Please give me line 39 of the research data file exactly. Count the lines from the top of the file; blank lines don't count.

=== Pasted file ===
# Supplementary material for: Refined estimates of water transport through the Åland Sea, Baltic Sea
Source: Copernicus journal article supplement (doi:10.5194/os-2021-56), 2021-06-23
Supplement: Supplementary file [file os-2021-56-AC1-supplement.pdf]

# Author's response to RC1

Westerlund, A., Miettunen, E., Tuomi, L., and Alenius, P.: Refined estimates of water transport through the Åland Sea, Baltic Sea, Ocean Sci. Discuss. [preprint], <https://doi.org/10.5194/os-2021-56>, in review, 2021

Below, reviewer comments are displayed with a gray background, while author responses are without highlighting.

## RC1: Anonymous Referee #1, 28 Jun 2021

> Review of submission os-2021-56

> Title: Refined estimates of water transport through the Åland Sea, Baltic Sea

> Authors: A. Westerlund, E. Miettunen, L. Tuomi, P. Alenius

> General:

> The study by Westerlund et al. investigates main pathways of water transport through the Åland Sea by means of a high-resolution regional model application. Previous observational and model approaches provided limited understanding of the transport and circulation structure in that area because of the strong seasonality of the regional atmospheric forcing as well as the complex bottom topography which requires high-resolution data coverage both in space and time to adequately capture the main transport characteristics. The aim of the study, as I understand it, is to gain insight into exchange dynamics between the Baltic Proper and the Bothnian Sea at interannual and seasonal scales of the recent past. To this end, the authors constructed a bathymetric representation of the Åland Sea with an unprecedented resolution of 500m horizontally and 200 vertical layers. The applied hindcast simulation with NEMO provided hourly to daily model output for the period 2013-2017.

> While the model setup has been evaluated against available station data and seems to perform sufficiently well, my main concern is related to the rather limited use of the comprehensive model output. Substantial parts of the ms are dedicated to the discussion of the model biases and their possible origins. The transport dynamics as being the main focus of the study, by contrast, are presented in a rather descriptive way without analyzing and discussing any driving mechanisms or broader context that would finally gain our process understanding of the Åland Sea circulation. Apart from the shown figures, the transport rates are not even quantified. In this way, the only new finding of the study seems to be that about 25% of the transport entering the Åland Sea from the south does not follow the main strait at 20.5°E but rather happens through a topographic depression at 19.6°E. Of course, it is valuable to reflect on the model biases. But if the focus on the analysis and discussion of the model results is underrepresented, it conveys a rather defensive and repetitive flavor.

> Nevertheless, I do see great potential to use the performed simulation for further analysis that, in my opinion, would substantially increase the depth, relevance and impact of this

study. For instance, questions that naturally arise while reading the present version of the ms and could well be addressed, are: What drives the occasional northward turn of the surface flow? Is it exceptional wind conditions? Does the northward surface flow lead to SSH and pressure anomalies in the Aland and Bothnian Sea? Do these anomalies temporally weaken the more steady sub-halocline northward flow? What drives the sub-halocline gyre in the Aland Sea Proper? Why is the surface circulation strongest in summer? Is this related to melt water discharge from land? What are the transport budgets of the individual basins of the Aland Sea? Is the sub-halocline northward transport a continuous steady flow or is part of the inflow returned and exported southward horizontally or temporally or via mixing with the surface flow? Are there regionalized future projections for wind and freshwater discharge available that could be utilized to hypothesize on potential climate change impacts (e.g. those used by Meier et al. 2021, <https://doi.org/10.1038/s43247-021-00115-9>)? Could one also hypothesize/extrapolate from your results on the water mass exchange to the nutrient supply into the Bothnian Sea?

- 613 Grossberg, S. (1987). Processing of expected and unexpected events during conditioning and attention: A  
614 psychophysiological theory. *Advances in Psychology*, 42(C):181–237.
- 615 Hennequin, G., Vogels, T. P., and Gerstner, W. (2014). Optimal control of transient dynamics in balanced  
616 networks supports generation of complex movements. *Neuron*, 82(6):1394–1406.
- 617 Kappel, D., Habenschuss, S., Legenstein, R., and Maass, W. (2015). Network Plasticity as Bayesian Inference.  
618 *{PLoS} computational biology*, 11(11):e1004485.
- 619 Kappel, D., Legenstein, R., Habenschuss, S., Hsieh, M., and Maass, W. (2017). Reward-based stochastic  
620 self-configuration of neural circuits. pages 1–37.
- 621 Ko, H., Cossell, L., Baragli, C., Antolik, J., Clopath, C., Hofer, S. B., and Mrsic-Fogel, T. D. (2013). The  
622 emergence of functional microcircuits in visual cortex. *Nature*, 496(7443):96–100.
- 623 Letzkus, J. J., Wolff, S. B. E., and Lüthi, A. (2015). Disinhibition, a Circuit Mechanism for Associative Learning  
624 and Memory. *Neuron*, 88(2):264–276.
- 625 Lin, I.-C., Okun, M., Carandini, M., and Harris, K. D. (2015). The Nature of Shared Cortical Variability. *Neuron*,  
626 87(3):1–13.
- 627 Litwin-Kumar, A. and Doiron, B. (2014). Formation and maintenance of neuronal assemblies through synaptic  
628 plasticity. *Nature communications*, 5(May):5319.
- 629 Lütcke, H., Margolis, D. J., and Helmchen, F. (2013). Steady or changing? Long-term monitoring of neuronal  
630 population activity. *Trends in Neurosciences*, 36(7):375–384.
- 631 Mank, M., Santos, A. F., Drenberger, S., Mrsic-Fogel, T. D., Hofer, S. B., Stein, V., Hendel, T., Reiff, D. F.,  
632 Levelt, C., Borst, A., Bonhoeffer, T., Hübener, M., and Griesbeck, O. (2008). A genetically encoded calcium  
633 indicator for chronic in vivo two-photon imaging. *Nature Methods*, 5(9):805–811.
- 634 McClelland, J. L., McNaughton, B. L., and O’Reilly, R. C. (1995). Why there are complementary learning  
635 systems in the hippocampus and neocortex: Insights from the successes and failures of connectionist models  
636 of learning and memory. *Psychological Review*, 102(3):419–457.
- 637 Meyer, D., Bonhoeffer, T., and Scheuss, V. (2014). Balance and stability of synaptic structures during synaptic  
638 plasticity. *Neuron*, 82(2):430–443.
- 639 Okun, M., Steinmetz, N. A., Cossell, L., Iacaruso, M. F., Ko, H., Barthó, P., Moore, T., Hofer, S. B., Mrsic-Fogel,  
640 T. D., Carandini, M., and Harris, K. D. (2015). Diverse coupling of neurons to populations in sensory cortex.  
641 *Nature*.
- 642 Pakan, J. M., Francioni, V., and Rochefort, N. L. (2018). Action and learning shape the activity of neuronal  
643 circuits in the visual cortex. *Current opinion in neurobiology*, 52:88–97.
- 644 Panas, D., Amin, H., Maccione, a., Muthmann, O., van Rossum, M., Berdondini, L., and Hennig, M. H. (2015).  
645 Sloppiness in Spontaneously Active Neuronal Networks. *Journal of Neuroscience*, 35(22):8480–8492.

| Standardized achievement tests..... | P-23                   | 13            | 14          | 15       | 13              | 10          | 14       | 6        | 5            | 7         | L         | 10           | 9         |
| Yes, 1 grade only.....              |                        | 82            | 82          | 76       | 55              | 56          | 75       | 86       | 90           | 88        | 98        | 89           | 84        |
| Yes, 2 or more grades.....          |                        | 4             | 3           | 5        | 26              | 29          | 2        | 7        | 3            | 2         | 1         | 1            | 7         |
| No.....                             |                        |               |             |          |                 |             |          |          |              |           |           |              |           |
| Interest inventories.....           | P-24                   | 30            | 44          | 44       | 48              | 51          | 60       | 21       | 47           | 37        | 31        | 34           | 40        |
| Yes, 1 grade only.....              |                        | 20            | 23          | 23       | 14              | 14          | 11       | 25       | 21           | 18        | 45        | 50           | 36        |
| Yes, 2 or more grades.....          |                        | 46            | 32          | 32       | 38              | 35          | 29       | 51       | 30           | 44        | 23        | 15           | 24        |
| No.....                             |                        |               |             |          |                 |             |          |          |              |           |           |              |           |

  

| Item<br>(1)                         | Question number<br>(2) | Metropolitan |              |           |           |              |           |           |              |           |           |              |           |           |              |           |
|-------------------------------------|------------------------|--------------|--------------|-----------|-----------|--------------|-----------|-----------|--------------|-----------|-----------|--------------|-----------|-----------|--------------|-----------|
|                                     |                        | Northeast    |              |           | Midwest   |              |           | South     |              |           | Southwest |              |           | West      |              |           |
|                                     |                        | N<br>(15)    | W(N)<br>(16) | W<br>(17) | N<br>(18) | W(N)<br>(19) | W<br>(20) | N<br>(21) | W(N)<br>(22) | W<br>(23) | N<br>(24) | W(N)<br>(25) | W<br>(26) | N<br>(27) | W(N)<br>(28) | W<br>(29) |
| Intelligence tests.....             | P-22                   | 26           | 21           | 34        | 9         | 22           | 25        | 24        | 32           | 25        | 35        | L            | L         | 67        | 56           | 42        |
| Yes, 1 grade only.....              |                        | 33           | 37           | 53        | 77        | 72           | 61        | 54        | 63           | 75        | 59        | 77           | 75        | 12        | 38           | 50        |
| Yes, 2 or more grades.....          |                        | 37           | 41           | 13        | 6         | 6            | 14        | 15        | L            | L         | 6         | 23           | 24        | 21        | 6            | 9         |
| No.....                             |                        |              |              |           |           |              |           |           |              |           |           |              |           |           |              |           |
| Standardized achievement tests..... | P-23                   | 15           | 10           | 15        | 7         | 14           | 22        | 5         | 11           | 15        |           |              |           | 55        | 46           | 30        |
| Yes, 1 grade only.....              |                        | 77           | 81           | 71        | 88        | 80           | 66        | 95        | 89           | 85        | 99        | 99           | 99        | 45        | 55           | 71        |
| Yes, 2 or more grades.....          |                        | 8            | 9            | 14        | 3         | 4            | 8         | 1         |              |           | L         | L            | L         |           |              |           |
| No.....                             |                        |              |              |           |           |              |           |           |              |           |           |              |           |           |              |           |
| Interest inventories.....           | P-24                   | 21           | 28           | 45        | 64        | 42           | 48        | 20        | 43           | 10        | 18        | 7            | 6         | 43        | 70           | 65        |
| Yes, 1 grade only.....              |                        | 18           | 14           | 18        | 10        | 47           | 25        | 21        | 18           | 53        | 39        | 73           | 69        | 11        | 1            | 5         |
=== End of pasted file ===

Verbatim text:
636 of learning and memory. *Psychological Review*, 102(3):419–457.